– Annie Lukowski, Working Bug. Director of Road to the Altar, web series starring Jaleel White which used social media to extend the story engage fans between episodes – @workingbug

– John David Heinsen, Producer’s Guild of America, Co-Chair of Mobile New Media Council – @bunnygraph

The conversation rocked – these guys really know the transmedia business and aren’t wasting time heralding their projects AS transmedia, they’re just getting on with creating great content, compelling characters and storyworlds whilst keeping an eye on how their audience not only react, but ARE reacting (even going so far as to tweet in character in ‘real time’ to subtley ‘encourage’ discovery of storythreads or entry points that aren’t being picked up).  Nina was fabulous – a true transmedia writer – who spoke at length about creating spaces for users to create their own content or to discuss/interact with the storyworld or characters and about the delicate craft of writing-in those subtle prompts and entrypoint leads.

There was more light debate over the term ‘transmedia’ and Jay Bushman mentioned that he uses (amongst other terms) platform-agnostic storytelling.  I mentioned my recent blog post about Transmedia Transmafia, hype & hyperbole or buzz & b******t where ‘immersive storytelling’ has been suggested by blog commenters as a refined term. (further comments welcome!)

I particularly liked how Jay Bushman explained his early forays into transmedia – coming from a theatre background, he explained how he’d considered how to merge the two, stating that making a script available online, ‘uploading’ a script only makes the instructions available and not the experience.  He then went on to explain how he turned this into ‘transmedia’ by figuring how he might write that script as an ARG – I recognised that as a ‘eureka’ moment and think it’s a great way to approach fragmenting a storyworld.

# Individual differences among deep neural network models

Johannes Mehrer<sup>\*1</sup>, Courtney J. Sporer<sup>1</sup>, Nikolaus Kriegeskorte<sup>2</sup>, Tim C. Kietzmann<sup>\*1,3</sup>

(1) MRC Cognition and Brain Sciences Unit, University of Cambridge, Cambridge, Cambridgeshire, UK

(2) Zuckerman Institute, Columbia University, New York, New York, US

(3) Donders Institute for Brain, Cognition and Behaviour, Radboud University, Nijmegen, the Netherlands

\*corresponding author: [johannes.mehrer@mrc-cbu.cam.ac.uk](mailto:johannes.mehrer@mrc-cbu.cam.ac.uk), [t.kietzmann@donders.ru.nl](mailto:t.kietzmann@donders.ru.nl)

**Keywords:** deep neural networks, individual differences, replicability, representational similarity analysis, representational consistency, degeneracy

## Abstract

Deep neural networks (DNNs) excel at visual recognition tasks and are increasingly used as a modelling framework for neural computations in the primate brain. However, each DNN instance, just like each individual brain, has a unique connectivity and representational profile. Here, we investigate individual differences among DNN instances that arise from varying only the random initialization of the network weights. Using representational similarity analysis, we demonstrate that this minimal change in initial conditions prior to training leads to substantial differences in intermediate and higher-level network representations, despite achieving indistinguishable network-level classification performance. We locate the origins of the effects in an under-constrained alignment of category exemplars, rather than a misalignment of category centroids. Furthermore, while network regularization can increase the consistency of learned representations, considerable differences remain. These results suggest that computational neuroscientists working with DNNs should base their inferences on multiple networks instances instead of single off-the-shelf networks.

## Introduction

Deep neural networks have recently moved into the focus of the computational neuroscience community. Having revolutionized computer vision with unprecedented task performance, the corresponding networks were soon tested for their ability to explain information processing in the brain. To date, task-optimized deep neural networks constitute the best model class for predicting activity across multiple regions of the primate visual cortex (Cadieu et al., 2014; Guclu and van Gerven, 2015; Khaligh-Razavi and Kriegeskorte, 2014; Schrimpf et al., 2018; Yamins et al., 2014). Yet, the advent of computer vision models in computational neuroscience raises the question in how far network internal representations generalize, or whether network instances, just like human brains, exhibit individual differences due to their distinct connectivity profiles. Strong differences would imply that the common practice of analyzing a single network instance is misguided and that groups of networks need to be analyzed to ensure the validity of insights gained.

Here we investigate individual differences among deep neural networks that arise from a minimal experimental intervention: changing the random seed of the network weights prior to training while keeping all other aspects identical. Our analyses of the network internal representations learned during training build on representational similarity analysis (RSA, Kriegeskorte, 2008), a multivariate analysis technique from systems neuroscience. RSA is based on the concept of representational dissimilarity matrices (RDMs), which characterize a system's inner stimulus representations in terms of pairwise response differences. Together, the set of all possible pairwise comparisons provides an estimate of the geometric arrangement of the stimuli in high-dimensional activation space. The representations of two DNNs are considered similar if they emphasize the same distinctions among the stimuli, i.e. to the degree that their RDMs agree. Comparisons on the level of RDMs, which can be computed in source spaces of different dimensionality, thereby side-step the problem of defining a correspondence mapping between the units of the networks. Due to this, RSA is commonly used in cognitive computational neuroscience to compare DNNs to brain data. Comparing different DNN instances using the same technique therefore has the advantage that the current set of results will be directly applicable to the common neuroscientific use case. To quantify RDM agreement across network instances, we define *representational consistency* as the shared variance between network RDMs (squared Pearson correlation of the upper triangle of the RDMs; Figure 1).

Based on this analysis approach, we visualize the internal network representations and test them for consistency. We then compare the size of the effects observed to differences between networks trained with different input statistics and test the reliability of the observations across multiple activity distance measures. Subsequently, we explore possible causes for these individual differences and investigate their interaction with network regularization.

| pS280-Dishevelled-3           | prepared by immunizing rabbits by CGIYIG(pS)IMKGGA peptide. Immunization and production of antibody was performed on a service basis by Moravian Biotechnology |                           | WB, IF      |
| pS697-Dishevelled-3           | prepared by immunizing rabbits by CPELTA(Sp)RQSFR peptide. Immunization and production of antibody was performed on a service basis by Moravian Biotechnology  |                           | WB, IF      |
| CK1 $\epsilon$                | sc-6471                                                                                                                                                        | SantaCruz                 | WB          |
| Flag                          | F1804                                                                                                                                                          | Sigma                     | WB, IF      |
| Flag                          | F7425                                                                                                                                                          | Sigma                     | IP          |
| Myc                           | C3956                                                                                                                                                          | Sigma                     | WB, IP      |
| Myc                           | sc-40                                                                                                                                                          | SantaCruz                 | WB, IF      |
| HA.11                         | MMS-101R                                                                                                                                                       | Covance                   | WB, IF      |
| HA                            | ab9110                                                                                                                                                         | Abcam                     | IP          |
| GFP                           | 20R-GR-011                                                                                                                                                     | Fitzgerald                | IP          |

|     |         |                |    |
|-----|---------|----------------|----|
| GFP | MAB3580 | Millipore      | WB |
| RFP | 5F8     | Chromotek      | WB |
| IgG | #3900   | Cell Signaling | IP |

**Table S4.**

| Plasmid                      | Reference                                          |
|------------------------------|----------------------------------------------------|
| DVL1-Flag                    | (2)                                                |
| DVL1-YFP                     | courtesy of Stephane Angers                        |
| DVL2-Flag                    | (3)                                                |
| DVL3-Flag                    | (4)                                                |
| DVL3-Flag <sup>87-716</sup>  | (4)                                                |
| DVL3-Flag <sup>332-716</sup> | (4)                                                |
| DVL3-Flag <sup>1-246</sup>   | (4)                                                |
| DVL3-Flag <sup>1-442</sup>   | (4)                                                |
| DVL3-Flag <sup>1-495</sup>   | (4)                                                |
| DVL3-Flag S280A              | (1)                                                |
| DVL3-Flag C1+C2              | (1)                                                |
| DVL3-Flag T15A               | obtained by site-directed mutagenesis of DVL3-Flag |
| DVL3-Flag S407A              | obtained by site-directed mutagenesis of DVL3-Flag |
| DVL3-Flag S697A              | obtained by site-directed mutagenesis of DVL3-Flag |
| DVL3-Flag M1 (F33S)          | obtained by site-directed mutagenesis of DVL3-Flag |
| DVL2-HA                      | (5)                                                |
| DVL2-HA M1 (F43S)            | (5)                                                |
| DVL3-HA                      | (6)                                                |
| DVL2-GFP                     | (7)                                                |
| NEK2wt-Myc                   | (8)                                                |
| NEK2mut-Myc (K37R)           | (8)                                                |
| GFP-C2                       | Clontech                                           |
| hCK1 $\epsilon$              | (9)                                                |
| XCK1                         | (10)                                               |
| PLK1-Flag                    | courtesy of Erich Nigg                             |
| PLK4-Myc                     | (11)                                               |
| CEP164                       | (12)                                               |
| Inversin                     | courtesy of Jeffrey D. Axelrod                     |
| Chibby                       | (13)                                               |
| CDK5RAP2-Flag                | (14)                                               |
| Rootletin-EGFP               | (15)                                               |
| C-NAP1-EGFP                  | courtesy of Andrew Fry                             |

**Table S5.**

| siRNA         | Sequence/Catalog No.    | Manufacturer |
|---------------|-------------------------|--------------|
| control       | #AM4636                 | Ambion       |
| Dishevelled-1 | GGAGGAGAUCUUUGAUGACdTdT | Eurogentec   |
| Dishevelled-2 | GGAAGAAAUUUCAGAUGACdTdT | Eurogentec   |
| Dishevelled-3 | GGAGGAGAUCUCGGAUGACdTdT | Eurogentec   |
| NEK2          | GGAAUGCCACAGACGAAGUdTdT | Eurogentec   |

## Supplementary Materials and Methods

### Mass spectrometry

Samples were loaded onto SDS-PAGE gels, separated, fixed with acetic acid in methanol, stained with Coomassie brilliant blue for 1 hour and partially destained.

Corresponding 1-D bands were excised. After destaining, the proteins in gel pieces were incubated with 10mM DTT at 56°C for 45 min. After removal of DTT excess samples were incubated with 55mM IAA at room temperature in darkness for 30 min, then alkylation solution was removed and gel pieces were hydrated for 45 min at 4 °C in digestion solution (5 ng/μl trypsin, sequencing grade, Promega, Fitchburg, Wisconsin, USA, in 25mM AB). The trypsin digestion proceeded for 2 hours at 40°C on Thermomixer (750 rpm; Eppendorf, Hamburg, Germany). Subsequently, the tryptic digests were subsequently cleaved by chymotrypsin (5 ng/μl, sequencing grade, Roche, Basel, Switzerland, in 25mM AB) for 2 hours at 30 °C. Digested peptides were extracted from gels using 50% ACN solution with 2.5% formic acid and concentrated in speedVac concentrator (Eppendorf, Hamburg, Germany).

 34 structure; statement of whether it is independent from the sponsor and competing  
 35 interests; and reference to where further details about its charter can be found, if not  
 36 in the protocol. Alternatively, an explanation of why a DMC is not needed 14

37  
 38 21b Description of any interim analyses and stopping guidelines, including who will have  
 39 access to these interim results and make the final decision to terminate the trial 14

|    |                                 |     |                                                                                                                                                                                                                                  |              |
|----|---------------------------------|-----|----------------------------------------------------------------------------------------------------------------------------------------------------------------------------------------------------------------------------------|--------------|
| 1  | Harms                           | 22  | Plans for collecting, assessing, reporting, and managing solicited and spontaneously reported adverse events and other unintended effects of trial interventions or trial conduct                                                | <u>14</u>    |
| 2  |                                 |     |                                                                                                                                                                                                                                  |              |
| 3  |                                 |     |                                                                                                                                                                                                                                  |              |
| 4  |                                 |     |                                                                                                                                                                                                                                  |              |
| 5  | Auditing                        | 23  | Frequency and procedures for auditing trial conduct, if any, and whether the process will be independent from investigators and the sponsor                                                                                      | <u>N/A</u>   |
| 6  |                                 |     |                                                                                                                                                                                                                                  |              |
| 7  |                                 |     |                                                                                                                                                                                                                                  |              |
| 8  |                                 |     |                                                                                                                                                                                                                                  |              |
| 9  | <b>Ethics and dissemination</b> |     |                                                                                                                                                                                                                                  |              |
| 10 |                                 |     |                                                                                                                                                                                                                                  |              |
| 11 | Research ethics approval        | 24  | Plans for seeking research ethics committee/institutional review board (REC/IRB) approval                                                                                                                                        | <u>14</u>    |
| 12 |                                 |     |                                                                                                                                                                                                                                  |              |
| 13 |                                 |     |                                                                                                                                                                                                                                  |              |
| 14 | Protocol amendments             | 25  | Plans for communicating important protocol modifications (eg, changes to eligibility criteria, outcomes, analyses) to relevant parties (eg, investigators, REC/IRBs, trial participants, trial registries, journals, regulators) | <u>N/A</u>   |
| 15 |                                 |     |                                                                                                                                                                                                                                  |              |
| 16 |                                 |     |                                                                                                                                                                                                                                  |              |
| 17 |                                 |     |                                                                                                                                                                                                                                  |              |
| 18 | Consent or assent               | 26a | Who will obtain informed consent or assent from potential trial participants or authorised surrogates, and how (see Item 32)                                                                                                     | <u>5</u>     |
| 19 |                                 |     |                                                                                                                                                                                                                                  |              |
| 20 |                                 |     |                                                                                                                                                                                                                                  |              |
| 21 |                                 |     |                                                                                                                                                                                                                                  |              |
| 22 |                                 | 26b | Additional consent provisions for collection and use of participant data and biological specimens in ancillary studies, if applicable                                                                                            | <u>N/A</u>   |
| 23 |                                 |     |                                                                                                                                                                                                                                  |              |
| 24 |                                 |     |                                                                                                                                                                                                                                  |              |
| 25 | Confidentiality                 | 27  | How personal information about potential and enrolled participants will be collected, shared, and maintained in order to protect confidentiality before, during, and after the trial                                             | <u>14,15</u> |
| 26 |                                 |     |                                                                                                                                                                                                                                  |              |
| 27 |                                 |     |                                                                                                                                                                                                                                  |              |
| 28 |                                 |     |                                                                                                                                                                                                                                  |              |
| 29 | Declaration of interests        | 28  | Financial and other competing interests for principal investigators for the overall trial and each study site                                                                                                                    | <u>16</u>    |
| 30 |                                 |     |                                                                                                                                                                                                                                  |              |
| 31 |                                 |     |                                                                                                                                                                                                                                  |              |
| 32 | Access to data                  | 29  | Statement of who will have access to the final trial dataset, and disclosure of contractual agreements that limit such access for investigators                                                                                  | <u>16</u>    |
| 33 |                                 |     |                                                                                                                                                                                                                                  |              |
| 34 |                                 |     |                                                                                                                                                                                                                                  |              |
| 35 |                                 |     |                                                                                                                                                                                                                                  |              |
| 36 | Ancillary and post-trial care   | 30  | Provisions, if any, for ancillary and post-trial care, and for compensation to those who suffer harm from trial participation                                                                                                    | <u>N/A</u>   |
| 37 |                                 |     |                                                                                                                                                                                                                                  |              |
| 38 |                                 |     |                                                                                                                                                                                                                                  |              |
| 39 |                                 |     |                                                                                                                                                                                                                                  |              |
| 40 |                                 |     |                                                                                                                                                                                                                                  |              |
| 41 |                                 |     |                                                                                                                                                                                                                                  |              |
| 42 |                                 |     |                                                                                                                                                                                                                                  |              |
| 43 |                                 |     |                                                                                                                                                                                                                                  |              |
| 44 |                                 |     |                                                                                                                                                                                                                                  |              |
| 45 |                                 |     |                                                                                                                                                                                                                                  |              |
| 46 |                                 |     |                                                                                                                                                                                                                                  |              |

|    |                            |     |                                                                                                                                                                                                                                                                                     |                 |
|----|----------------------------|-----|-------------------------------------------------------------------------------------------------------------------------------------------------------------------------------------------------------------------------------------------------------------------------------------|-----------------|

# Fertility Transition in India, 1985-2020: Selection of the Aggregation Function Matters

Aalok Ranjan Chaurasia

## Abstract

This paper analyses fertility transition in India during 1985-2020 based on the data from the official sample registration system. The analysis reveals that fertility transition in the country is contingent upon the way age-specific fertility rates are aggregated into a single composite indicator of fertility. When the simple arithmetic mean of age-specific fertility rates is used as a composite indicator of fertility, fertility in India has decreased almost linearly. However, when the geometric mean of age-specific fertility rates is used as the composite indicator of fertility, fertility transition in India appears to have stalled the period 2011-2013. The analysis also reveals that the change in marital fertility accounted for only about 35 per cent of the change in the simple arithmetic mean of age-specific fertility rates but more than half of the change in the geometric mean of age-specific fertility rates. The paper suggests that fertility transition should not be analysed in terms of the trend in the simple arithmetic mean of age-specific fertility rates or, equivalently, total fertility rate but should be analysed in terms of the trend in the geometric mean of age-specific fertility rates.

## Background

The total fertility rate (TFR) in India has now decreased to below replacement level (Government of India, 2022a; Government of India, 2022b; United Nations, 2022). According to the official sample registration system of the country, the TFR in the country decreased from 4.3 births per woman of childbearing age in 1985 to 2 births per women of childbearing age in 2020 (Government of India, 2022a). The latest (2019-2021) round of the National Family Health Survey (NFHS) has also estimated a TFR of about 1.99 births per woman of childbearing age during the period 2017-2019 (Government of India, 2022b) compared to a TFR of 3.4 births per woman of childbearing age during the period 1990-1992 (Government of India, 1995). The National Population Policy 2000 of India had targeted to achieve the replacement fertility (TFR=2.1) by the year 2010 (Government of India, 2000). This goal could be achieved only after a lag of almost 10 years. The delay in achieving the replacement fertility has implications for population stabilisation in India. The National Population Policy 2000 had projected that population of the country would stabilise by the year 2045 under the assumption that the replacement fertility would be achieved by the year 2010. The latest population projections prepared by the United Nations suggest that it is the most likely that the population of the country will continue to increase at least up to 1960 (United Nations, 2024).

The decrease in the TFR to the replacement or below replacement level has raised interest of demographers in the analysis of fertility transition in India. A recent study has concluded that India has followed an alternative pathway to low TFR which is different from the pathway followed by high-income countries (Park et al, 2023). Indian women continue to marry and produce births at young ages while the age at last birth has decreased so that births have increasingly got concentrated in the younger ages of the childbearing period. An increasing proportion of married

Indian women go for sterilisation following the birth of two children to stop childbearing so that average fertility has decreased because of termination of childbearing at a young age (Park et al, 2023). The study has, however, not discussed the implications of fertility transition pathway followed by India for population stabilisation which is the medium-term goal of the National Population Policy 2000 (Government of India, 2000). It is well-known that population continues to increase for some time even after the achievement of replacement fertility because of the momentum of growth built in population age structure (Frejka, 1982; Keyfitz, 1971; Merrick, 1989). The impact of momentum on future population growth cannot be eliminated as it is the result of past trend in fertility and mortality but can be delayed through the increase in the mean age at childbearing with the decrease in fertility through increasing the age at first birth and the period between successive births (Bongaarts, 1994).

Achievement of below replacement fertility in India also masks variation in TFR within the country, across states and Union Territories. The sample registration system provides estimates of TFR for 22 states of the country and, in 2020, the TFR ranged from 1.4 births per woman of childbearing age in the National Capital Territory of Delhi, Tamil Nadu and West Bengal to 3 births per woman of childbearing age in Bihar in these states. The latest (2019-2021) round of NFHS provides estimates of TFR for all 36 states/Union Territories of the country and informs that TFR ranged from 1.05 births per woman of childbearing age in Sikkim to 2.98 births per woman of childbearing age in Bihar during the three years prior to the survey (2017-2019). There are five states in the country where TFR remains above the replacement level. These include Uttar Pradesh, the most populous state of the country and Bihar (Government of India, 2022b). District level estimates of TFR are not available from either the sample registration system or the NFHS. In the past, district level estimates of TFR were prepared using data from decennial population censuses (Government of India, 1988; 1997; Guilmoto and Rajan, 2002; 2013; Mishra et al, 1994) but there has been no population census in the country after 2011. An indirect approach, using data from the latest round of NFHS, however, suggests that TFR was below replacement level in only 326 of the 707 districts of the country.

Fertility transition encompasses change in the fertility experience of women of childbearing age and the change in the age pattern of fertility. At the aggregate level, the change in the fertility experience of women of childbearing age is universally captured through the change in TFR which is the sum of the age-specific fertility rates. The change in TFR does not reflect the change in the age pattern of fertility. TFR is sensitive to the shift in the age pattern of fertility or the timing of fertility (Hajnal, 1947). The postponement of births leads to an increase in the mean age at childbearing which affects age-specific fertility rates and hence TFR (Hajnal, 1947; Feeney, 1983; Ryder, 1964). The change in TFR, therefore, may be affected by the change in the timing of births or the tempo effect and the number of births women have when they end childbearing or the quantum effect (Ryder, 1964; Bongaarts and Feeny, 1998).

John D Heinsen spoke about the importance of acknowledging the reach and spread of transmedia at concept & pre-production phases, urging for allocation in R&D-type budgets rather than after-thoughts on marketing budgets.

Elayne Zalis is another PhD who has been speaking to me on Facebook about her transmedia characters and asked the valid question, “where do you see print in transmedia” to which there were a few shaking heads in the room.  It was suggested that one point of view might be to simply ‘wait for the dinosaurs to die’, causing a small ripple of laughter, but was then backed up on a serious note with comments reinforcing that publishing remains (and continues to be) a gatekeeper of fabulous story and ‘when the publishing world realise their business model outside of ebooks is dead… transmedia is here waiting for them with open arms.” Sounds like an invitation, right?  But publishing?  Transmedia WANTS to play!!!  This is a shout-out!

Writer-to-writer,  I asked Elayne on her thoughts of the panel from a publishing perspective and she said, “as a writer, I feel excited about the creative possibilities that the latest new media open up, although I can’t say that the panellists shaped my opinion about the future of print. I’m part of the baby boomer generation, so thoughts of “waiting for dinosaurs to die” alienate me. I understand the sentiment, but I don’t endorse it, and I hope I’m not considered a dinosaur. I liked the creative energy that the panellists exuded. That’s what I look for now — innovation, wherever it might be.”

And it’s that creative energy, that innovation, that determines fabulous immersive storyworlds and storytelling experiences, not whether they come primarily from film or publishing, ARG or theatre…

I loved DigitalLA.

It kept me awake without a second thought, from 4am-6am and not one second of it was boring!  I have made some great new connections which I hope will be the start of many new, fresh ideas and conversation.

But now I really must get some zzzzzzzzzzzzzzz.